What do you think of the Richmond music scene; the people here, and the music that comes out of this city?
That’s an interesting question. I think overall we have one of the most diverse and interesting scenes around. You can hear anything. You can walk into one bar and you might hear a rock show, but then you walk into another one and there’s a rap event. There’s just so much of a melting pot, where you can take in so much. I’ve met a lot of great people in this scene, and I’ve learned a lot about different kinds of music. One of the only things that I would say is a bad thing about this scene is that sometimes a lot of people don’t think outside of it. When I got here, one of the original goals was to become a huge name here. We did that. And then it was like, “We did that, let’s try to take this shit global.” Maybe for some people this [success within Richmond] is the main goal. So I guess it’s not really a bad thing; it all just depends on what your perception is of what you’re trying to get to.
I think, overall, Richmond as a city, and Richmond as a whole, the culture here is unmatched. I’ve been all over; Cali, New York, Atlanta, Tennessee. I’ve been everywhere, and I can tell you that this place is unmatched. It’s like the hub of underground music. I would like to think that we’re like Atlanta, except the difference is, for the most part, Atlanta has really only offered up rap, whereas here we offer up a little bit of everything. Even when it comes to rap, there’s other artists that I’ve met that sound nothing like what I do, but it’s still rapping. It’s just really great to be a part of. I think that me and some of the people that I’m around have become pretty well known names in this scene, and it’s great to say that I’m one of the faces, or one of the driving forces. It’s great to be a part of the scene in that way.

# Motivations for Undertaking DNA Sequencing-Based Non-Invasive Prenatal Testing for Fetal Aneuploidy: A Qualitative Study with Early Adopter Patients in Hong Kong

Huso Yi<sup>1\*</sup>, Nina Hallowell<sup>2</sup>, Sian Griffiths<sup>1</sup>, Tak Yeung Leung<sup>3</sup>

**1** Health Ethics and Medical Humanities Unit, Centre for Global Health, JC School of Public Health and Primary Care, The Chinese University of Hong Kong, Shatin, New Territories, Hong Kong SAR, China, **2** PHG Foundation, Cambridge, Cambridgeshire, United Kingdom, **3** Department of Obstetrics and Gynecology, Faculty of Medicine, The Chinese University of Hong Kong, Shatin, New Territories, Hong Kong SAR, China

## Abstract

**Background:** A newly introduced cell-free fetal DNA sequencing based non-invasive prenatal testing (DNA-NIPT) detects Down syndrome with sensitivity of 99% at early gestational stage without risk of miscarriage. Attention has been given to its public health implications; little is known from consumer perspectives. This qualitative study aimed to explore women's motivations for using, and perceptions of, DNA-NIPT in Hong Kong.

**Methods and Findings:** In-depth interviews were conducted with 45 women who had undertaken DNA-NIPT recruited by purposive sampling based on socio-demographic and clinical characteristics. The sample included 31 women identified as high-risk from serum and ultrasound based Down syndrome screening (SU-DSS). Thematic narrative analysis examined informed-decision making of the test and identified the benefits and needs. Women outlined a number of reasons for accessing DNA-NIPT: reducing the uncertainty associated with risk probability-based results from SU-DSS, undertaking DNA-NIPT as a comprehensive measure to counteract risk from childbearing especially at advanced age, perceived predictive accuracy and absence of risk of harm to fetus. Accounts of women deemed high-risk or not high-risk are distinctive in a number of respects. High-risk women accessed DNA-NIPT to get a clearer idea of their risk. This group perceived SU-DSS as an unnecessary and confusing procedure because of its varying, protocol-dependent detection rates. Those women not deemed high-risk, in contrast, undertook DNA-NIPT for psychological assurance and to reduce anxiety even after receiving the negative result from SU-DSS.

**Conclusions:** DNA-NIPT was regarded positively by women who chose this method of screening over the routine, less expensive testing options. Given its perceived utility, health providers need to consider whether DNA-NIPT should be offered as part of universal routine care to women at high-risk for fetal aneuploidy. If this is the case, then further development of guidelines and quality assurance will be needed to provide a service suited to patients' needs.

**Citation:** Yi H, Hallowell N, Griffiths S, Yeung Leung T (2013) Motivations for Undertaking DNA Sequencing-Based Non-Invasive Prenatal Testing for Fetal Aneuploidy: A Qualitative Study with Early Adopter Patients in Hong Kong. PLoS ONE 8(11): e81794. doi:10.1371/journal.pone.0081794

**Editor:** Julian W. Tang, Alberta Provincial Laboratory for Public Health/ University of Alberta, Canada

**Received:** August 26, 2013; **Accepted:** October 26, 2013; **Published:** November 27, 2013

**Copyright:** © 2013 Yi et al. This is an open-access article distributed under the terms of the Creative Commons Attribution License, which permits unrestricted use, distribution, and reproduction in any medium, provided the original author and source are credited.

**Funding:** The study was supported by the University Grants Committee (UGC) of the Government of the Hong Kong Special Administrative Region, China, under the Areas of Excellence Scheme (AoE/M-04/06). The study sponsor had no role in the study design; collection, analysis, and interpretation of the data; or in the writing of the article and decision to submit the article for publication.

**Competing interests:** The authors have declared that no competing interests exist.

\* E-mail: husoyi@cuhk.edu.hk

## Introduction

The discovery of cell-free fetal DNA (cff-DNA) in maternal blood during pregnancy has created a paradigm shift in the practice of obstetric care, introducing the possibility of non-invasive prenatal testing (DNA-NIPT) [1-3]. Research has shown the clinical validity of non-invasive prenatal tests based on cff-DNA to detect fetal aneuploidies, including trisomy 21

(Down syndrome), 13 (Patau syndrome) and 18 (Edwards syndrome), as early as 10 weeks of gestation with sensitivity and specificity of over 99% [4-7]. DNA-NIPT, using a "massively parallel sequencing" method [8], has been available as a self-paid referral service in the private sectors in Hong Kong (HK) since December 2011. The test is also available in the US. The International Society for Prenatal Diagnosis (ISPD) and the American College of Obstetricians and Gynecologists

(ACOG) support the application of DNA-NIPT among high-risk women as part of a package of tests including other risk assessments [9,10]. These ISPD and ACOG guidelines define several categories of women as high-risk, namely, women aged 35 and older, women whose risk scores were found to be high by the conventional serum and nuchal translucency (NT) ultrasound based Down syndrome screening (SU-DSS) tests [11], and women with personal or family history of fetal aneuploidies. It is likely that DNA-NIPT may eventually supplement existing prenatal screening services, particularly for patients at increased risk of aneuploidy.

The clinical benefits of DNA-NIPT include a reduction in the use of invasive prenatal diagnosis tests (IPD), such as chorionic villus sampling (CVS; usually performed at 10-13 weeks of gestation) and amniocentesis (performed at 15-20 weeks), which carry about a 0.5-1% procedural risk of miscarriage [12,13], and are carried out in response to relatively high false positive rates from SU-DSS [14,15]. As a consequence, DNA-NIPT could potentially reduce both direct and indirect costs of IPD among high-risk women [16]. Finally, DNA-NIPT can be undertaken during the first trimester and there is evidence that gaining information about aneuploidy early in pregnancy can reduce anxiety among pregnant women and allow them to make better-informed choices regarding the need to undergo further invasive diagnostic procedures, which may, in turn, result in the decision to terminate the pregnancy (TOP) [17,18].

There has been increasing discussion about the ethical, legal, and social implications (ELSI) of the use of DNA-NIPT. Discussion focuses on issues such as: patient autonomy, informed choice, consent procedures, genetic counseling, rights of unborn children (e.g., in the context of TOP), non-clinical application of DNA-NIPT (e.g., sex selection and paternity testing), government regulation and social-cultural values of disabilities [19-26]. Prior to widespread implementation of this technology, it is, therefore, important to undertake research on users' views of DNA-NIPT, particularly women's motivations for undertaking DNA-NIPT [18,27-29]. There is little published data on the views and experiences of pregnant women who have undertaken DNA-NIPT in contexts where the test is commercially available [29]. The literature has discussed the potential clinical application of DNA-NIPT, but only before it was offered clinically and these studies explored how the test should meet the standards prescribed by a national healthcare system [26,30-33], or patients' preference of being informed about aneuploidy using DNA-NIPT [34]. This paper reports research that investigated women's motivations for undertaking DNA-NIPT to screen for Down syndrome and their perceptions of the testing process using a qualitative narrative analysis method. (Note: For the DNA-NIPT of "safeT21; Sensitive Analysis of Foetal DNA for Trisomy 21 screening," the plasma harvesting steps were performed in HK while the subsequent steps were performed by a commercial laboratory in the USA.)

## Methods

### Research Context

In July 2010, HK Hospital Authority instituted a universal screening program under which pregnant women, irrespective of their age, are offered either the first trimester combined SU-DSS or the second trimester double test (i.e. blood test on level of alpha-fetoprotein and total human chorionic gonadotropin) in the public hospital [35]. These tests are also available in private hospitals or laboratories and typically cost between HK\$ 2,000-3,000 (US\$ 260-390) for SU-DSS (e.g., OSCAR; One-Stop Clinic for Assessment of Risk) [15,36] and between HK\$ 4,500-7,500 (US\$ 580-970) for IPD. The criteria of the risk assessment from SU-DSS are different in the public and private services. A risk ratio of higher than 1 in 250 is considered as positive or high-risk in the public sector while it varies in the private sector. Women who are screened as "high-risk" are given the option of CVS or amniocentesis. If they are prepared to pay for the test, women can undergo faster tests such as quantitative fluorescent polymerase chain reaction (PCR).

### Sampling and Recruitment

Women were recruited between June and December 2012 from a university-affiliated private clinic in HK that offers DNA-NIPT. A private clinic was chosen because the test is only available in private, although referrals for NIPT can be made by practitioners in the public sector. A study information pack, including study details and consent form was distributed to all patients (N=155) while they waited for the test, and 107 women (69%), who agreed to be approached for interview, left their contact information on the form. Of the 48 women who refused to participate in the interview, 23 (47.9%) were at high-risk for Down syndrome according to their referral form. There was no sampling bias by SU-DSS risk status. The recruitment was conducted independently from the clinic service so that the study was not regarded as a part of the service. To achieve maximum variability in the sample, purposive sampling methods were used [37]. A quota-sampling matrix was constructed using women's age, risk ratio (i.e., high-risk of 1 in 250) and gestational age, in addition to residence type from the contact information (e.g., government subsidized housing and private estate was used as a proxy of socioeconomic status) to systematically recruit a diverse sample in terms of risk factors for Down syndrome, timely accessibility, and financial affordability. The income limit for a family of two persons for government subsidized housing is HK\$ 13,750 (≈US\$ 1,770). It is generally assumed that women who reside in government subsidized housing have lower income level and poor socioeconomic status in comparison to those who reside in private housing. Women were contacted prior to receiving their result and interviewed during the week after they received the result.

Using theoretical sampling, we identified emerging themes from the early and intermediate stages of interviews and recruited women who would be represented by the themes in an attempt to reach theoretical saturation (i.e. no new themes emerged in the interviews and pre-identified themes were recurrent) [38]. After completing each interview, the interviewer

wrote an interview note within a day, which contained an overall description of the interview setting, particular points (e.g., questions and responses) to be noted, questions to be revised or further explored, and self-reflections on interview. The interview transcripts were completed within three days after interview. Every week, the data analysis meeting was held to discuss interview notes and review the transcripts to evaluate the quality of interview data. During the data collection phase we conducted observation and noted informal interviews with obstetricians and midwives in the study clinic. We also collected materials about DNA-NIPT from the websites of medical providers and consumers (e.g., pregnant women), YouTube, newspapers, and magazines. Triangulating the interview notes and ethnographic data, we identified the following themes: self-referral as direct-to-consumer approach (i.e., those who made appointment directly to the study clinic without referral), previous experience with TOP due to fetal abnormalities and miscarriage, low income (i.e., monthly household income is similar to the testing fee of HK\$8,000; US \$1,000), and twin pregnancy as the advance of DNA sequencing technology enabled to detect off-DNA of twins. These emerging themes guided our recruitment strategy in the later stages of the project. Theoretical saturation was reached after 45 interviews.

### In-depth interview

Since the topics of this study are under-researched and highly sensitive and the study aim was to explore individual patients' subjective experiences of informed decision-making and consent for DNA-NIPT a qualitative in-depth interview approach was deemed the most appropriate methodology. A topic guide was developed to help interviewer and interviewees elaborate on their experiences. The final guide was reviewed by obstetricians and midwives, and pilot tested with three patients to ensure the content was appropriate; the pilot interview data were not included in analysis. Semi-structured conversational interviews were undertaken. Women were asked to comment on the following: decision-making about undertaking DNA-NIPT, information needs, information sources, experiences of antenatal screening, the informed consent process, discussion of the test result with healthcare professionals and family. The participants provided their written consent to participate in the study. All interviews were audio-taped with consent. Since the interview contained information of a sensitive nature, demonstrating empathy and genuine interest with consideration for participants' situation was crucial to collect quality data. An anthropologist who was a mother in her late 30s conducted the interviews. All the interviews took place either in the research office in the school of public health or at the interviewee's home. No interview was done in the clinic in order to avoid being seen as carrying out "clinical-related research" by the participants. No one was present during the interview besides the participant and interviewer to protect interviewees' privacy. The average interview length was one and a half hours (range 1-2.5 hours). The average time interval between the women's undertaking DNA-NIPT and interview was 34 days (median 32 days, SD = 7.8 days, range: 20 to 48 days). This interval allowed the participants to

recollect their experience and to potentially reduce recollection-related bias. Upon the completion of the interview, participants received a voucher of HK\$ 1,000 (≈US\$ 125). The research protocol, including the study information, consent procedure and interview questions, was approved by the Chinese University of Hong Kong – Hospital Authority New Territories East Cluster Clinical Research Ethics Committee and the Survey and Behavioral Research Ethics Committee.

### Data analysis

It’s odd how big the scene is considering how small the city is, and the amount of diversity here in terms of genre and style is eye-opening.
It definitely gives you the opportunity as an artist to consider more things. It’s like everyday life. If you get the same thing every day, you’re gonna get the same result. If you’re taking in different things, then you’re going to create different content. I’ve been able to expand my content because I’ve been able to see other people and other things that make me think, “That’s interesting. How can I incorporate that? How can I change my sound up a little bit?” It’s a great place to be.
What do you think of the role that social media plays in developing a musical following? Because your online presence is not very high. You don’t have a website, and you don’t post a lot on your socials. Yet you have over 100,000 followers on Instagram. How did you do it, and what role does it play in your musical following?
So for years I did the whole post regularly, post with a plan… I mean, I couldn’t afford to pay anybody to do anything in the beginning, so I had to learn social media. I had to learn algorithms. I had to learn all of it. So I did spend a whole lot of time learning visuals, and making sure my face was seen a lot. It can become taxing, and especially when you’ve got real life going on. In the last six or seven months, I did take a step back from the social media side, and just re-found what made me happy. On the bright side, in doing so, it showed the people who were there, and were authentically there, still are.